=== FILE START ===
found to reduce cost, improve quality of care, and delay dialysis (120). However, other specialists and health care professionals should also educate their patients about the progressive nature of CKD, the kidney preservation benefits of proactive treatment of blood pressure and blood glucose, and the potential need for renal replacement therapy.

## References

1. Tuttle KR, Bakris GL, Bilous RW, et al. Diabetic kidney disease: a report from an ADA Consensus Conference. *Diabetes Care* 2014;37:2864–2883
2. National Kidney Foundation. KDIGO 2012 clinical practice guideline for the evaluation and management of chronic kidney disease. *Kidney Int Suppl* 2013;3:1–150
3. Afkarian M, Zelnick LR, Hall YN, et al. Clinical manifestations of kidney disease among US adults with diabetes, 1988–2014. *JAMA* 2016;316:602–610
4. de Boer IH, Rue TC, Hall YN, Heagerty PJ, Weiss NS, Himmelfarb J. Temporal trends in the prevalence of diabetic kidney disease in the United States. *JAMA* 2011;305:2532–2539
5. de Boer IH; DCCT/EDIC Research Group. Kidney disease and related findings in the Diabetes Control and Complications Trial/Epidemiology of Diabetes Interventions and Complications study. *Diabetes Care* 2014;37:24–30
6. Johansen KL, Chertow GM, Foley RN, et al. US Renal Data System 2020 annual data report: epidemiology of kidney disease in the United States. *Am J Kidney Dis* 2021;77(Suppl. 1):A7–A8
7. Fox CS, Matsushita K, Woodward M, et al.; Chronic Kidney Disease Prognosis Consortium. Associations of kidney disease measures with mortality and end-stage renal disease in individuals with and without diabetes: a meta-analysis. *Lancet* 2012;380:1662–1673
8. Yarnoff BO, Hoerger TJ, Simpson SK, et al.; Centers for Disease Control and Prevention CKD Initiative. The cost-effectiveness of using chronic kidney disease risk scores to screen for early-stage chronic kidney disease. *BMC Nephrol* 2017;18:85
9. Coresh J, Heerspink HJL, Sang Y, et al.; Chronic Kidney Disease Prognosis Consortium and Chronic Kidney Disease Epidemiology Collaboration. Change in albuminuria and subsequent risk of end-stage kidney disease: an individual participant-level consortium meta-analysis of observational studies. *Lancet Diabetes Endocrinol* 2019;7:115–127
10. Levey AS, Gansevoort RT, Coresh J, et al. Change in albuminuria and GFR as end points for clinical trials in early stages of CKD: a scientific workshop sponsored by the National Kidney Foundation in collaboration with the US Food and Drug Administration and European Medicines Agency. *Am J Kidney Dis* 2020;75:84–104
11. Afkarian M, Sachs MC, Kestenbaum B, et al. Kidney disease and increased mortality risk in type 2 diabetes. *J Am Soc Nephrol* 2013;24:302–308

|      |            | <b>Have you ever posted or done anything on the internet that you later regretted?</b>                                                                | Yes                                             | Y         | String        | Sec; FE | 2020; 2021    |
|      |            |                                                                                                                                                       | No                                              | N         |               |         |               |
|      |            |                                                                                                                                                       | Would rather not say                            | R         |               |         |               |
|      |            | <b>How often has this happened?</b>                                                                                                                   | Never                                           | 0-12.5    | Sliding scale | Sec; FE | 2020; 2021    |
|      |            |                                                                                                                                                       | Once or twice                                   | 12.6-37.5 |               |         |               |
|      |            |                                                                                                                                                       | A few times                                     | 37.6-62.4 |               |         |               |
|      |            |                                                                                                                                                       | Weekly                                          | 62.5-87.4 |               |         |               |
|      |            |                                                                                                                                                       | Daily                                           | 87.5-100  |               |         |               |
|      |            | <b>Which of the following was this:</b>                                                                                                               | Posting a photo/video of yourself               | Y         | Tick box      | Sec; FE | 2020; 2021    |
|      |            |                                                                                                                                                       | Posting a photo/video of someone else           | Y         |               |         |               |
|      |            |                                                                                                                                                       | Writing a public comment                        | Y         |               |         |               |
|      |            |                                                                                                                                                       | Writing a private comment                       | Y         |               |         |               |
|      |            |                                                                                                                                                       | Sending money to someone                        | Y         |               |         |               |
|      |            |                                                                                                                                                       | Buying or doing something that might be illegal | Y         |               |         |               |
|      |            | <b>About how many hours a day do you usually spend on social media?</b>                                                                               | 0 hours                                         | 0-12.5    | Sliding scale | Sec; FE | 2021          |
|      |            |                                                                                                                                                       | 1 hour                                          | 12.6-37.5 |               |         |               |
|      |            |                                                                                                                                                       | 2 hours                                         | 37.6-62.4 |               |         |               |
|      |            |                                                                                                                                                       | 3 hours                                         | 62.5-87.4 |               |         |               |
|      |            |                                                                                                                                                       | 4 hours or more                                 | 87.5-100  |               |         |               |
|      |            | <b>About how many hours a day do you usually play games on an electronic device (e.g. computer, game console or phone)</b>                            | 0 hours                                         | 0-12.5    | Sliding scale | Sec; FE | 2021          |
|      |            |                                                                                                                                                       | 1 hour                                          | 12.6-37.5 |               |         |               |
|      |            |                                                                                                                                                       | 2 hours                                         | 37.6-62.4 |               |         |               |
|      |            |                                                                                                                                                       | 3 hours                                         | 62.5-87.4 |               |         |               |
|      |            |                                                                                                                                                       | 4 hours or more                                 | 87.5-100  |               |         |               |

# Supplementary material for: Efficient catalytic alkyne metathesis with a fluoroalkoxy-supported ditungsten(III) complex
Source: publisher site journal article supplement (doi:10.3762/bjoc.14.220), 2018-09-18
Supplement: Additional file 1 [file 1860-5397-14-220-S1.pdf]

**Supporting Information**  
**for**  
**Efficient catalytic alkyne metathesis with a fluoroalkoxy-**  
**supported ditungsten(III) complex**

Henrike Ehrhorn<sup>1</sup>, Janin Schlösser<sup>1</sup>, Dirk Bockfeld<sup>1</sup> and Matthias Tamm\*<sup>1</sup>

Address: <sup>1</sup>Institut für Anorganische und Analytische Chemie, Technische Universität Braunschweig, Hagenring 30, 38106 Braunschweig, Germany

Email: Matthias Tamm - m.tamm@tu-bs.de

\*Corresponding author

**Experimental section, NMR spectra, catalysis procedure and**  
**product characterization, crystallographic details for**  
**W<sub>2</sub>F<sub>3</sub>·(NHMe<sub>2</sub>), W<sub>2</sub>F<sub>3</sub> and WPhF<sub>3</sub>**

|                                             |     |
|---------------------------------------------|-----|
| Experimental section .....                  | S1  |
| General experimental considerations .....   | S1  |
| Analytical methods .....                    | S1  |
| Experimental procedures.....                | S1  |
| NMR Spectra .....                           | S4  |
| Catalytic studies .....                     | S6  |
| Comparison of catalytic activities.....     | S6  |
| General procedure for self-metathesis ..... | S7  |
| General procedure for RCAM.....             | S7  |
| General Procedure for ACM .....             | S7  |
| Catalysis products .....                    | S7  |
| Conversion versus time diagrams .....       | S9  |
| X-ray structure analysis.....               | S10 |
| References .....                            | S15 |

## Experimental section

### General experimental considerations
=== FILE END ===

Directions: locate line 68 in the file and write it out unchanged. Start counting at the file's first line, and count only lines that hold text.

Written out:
## Experimental section